While in London, Stuart also spoke at the 13th annual Transport Networks for Mobile Operators (TNMO) Conference on May 10. TNMO is one of the largest conferences in Europe focused purely on backhaul transport networks. This year, Aviat Networks participated by presenting on the topic of “Realistic Capacity Requirements for LTE,” or why fiber is not the only answer, and took part in a panel discussion on Carrier Ethernet for mobile backhaul. The conference was fairly well attended, with a packed agenda that covered the full range of transport challenges from the access to the core. Numerous solutions to the problem of delivering more capacity to meet expected demand were discussed, including network sharing, microcells, network offload and intelligent backhaul optimization techniques. It seems that there is no single winner in the race to find a solution. Operators are going to have to choose from an array of options to get the right fit for their particular needs.
Over in Amsterdam, Peter Croy, our senior IP network architect, presented on the topic of Carrier Ethernet for LTE mobile backhaul requirements at the LTE World Summit. Not sure if you have read previous blogs or joined in our webinars on this subject, but Peter is a well versed expert on backhaul. See his overview from the conference.
With summer fast approaching and vacations looming, June will be a bit slower. Good thing as planning will begin for some major events and shows coming in the fall and early 2012.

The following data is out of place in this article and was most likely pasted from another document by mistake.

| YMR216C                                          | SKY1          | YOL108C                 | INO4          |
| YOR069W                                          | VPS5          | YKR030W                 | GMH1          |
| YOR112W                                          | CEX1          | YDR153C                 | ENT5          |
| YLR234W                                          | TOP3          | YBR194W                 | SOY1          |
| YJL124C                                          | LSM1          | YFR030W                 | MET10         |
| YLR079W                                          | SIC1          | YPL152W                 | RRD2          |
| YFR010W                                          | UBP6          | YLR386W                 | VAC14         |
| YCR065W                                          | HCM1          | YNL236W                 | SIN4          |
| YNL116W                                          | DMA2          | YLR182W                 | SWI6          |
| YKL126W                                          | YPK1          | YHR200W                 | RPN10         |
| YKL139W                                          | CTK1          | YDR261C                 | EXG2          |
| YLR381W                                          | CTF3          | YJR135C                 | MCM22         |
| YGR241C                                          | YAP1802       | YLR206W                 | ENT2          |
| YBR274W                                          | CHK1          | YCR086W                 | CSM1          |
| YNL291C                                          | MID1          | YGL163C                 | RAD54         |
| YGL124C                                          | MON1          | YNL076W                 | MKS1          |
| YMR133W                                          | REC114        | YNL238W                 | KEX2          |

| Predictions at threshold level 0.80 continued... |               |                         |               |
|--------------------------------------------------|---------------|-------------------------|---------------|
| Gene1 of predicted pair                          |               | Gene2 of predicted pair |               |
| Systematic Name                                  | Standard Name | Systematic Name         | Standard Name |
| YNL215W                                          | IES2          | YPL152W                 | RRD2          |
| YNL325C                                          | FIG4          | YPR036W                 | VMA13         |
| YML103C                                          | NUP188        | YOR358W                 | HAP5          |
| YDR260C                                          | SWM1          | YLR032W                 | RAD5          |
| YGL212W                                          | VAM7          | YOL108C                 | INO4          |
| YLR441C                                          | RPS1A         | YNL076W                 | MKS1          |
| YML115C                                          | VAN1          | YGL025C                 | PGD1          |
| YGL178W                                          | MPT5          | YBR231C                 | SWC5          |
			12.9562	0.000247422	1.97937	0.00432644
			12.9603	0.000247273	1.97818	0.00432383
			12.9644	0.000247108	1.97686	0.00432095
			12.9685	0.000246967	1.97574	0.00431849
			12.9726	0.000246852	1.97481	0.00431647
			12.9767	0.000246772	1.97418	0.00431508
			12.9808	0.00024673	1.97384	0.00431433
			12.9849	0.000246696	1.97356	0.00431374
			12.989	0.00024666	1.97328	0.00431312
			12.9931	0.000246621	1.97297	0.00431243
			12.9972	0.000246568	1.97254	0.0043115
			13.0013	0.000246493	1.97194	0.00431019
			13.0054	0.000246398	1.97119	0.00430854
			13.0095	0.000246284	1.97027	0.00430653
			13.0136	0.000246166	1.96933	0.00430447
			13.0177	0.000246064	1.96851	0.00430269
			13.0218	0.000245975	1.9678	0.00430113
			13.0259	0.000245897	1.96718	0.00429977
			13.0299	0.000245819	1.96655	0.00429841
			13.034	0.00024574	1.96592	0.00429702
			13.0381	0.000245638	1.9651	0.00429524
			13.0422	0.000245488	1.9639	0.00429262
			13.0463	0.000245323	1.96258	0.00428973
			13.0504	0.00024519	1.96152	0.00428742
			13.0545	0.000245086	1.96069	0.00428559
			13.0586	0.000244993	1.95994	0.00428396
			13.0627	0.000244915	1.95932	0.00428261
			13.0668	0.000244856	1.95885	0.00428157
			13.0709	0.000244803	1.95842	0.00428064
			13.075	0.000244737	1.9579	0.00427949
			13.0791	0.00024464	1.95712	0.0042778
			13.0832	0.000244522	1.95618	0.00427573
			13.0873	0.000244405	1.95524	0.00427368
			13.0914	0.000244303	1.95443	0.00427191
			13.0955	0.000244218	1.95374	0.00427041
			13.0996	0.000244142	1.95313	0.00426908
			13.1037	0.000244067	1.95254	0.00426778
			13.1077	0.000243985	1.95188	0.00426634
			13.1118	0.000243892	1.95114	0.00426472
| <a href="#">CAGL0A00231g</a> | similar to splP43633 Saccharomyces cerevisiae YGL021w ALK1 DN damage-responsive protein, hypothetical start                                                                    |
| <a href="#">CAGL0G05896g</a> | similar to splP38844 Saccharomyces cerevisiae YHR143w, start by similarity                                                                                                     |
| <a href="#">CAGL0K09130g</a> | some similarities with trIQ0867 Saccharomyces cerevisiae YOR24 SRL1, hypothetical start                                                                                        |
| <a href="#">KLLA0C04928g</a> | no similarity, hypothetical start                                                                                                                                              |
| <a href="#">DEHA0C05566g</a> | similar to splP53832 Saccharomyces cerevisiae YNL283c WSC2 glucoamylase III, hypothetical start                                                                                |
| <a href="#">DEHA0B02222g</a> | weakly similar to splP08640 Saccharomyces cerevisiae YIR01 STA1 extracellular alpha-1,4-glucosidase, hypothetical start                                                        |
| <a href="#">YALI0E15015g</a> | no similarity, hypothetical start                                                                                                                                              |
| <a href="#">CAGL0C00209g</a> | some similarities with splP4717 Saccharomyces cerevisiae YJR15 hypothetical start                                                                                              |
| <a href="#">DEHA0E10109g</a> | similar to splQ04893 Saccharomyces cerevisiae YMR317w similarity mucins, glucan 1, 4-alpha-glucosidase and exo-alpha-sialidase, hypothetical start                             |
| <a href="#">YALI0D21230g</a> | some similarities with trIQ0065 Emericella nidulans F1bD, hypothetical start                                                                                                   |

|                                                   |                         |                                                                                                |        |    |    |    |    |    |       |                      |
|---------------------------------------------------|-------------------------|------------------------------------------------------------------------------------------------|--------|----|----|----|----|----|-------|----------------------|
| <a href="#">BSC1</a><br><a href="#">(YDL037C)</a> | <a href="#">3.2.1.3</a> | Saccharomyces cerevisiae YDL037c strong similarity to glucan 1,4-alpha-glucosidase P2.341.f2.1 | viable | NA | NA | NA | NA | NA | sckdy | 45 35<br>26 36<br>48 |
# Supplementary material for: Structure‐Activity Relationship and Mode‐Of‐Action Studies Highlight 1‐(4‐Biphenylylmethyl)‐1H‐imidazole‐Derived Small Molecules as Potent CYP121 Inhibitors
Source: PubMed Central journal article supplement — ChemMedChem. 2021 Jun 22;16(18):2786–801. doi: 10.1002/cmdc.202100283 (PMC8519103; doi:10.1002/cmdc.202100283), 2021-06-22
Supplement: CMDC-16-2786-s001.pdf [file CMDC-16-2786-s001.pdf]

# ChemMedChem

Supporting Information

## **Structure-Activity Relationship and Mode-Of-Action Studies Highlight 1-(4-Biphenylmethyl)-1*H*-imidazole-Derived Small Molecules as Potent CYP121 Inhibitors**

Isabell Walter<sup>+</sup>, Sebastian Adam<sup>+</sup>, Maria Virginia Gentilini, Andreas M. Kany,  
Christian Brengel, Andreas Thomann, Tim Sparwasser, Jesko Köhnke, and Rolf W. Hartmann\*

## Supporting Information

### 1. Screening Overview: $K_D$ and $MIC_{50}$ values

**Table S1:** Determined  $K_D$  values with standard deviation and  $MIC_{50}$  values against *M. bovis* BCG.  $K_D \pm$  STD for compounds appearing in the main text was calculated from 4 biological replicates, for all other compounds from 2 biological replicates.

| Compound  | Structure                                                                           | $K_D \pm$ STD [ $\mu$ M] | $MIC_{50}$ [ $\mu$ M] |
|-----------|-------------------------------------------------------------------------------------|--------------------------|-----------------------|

An event you won’t want to miss is the 1588v2 Synchronization for Mobile Backhaul Networks Webinar on June 6. Hosted by Patrick Donegan, senior analyst at Heavy Reading. This webinar will bring together leading vendors and operators to develop best practice guidelines for operators as they deploy the 1588v2 standard. Drawing on real implementation case studies, industry leaders will demonstrate where some implementations have gone wrong in the past and what leading operators and vendors are now doing right to deploy this key standard. Please join us for this highly interactive webinar. The webinar is co-hosted by Errol Binda, our very own solutions marketing manager.
Another interesting event is the National Urban Areas Security Initiative Conference (UASI) conference held in San Francisco, June 20-23. This conference is in cooperation with Department of Homeland Security, Federal Emergency Management Agency and the Grants Programs Directorate. The conference will provide an opportunity for stakeholders from all areas of homeland security and emergency preparedness to gather and exchange important information to make the United States safer.
We will have a booth, No. 85 in the Continental Ballroom, at the conference where we will display our public safety solutions along with showcasing all-indoor configurations of Eclipse Packet Node. Ali Hirsa from Aviat Networks will be at the booth to answer any questions you may have.
That’s it for now. I will be back in touch next month to update you on the latest happenings at Aviat Networks. Until then, follow the dialogue and news on our social sites.
Director of Corporate Communications, Aviat Networks